Loving the Skin You're In

This post is written in collaboration with some of the most stellar and deep-thinking women I've met. It's a series called The Refined Collective, organized by The Refined Woman. Each month, we'll each share our thoughts on an assigned topic. This month is all about Loving The Skin You're In. Be sure and check out the other women who are a part of this Collective: Katherine Harris, Lauren Scruggs Kennedy, Chelsey Korus, Danielle Bennet, Kate Labat, Joanne Encarnacion and Nikia Phoenix. 


It was dinner time. I was hanging out at my neighbors’ house because I loved spending time with their three young daughters as they played with their toys and talked about their day. The eldest daughter, who was about five or six years old by then, looked over at me as she was braiding my hair and asked, “Why do you have so many mosquito bites on your face?”. Despite the tiny punch to my stomach and the tears that followed, I felt relieved that someone FINALLY had the courage to admit that my acne was real, that I wasn’t making it up. For so long, I had struggled with an annoying stress-and-hormone-and-everything-induced acne condition, but everyone around me kept telling me that it “wasn’t as bad as I perceived it to be” and that “I was beautiful no matter what” and that also “no one really notices it.” Well, I noticed it, dammit! Didn’t that count for something??? 

It did. It does. 

When I first started thinking about turning photography into a full-blown career, I remember comparing myself to my peers based on what they'd experienced and what I hadn't. They'd either had a rough childhood or gone through some sort of dramatic experience that led them to feel more than me - in my eyes, their voice, their expression, their work mattered more than mine. I remember feeling that I'd never create anything as compelling as them because nothing that'd happened to me had been that bad. I mention this because when it comes to digging into what we're feeling or what our story is, we're all equally worth the work and worth the freedom from it.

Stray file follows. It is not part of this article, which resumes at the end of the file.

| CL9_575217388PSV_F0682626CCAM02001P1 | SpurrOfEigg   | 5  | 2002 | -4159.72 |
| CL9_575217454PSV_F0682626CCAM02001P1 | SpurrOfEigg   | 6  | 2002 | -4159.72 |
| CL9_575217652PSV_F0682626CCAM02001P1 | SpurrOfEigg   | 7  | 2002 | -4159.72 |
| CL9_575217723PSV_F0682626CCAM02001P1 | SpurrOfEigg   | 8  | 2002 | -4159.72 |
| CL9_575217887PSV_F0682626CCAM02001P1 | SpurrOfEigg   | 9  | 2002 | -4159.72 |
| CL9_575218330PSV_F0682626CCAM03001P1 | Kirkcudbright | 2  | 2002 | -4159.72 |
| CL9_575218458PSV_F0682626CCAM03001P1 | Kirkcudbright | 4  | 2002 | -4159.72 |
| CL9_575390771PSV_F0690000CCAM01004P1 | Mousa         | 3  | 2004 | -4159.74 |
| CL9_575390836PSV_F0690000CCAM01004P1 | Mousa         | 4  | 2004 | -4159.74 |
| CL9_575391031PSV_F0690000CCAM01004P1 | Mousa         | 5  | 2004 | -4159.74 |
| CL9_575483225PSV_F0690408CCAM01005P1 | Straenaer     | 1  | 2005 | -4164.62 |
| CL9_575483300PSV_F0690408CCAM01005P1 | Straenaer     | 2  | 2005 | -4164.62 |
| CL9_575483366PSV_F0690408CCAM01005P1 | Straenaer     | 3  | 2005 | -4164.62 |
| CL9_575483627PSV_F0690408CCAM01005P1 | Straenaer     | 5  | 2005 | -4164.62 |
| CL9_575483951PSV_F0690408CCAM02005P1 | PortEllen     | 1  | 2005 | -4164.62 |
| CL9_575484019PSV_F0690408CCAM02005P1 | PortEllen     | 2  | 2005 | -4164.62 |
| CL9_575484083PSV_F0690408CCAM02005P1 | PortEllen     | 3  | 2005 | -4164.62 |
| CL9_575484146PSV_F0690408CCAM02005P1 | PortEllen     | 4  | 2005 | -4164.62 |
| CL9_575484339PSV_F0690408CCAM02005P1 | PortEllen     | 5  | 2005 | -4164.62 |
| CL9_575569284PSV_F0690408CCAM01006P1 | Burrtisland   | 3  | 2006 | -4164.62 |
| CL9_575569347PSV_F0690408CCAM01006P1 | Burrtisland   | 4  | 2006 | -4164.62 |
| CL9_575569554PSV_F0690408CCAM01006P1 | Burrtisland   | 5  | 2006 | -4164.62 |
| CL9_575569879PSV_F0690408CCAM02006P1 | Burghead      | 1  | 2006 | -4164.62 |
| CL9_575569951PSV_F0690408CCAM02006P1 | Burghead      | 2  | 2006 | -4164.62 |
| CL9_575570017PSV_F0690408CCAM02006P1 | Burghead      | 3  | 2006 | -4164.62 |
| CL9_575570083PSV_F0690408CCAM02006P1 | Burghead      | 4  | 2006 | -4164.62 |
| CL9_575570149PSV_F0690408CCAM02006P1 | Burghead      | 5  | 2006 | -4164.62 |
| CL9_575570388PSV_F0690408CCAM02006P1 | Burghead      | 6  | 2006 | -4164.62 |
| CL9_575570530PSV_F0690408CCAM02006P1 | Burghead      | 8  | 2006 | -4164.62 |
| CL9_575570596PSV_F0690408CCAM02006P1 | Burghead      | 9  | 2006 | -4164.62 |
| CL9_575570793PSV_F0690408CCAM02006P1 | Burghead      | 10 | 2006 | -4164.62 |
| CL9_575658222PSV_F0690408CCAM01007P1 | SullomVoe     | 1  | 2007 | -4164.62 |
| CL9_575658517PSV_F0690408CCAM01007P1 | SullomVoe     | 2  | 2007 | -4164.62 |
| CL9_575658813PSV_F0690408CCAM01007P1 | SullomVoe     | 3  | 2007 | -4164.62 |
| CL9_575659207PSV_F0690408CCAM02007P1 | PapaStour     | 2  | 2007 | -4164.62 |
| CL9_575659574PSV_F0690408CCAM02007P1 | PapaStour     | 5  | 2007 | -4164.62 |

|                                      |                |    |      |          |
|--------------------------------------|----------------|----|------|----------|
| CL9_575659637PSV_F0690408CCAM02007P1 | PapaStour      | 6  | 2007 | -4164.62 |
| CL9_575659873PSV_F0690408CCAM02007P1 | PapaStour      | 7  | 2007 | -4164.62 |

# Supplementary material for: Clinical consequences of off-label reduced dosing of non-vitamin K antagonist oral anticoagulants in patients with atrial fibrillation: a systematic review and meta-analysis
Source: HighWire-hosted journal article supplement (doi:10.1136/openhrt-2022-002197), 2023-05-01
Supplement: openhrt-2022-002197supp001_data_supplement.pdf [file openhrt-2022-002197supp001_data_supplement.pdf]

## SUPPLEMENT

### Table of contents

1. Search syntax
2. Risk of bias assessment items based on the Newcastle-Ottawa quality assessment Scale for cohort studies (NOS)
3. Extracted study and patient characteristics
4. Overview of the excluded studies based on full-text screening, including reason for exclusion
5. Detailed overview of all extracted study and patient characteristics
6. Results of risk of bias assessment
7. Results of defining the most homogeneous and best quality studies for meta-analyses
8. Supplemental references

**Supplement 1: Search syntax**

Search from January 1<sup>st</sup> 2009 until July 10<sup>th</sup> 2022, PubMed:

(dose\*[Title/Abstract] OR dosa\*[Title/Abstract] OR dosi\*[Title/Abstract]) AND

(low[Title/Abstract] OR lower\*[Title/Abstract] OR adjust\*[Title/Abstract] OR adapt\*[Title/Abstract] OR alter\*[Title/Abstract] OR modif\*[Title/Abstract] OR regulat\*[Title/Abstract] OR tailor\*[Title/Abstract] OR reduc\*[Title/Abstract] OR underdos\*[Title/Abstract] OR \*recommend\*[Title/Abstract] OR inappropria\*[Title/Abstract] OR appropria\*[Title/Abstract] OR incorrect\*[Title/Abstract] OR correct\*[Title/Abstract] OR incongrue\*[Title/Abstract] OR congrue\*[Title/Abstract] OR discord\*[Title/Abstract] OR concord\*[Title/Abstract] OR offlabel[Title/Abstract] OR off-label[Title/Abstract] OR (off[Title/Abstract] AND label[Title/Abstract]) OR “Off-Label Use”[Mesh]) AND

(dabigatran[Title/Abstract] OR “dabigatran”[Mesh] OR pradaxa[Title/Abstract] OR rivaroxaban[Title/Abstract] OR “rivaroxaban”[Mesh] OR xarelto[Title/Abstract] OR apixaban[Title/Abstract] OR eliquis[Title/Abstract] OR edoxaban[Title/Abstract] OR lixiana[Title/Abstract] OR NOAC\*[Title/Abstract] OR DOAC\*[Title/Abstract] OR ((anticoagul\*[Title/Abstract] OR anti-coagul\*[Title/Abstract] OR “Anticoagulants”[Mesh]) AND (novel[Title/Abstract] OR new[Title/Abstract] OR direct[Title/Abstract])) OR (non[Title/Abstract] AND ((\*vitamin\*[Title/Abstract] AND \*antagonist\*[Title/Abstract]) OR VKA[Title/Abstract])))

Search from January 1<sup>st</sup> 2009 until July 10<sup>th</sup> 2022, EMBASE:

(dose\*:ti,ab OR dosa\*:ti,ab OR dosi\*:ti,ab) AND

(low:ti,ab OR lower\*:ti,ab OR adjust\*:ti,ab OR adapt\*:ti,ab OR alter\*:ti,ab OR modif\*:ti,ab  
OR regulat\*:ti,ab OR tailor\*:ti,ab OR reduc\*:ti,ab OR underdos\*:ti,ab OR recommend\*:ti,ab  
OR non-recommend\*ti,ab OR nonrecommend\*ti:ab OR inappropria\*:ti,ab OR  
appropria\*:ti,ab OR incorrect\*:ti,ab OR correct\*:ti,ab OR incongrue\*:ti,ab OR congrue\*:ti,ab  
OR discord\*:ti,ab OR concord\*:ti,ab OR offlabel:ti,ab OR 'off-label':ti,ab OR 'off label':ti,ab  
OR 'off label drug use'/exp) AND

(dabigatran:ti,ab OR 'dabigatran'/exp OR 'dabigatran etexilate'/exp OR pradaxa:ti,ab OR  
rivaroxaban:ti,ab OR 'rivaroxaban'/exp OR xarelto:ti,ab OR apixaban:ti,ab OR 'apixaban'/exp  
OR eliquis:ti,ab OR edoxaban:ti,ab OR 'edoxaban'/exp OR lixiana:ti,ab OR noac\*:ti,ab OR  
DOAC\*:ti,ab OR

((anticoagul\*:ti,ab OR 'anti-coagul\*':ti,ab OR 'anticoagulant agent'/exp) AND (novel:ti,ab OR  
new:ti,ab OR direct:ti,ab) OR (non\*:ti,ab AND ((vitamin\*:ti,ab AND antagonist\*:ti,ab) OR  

It doesn't matter if it's something as seemingly simple as an acne predisposition or as serious as an eating disorder, it all matters equally. What I feel matters. What you feel matters. We all feel shitty sometimes, we all struggle with self-esteem issues, we all feel beautiful sometimes, but not so beautiful other times. It’s all real. When it comes to loving MY skin, the first step I had to take was to simply admit to myself that I didn’t have to love it ALL the time. That just wasn’t a realistic approach for me and every time someone tried to diminish what I was feeling, it just made the feeling exponentially stronger. One day, however, I was having a cup of coffee with my friend and she just blurted out something about hating her wrinkles. I looked at her in disbelief because I honestly couldn’t see what she was referring to. A lightbulb lit up in my head. Was it possible that I was looking at her through some biased lens because I deeply cared for her? Like beer goggles but instead of beer it was love? I thought back to that evening at my neighbors' and realized my young friend was acknowledging me and my biggest insecurity through eyes of innocence, and it was then that I first asked myself, “How can I be present with how I feel - and maybe a little innocent and raw - but still choose to see myself through the eyes of love?”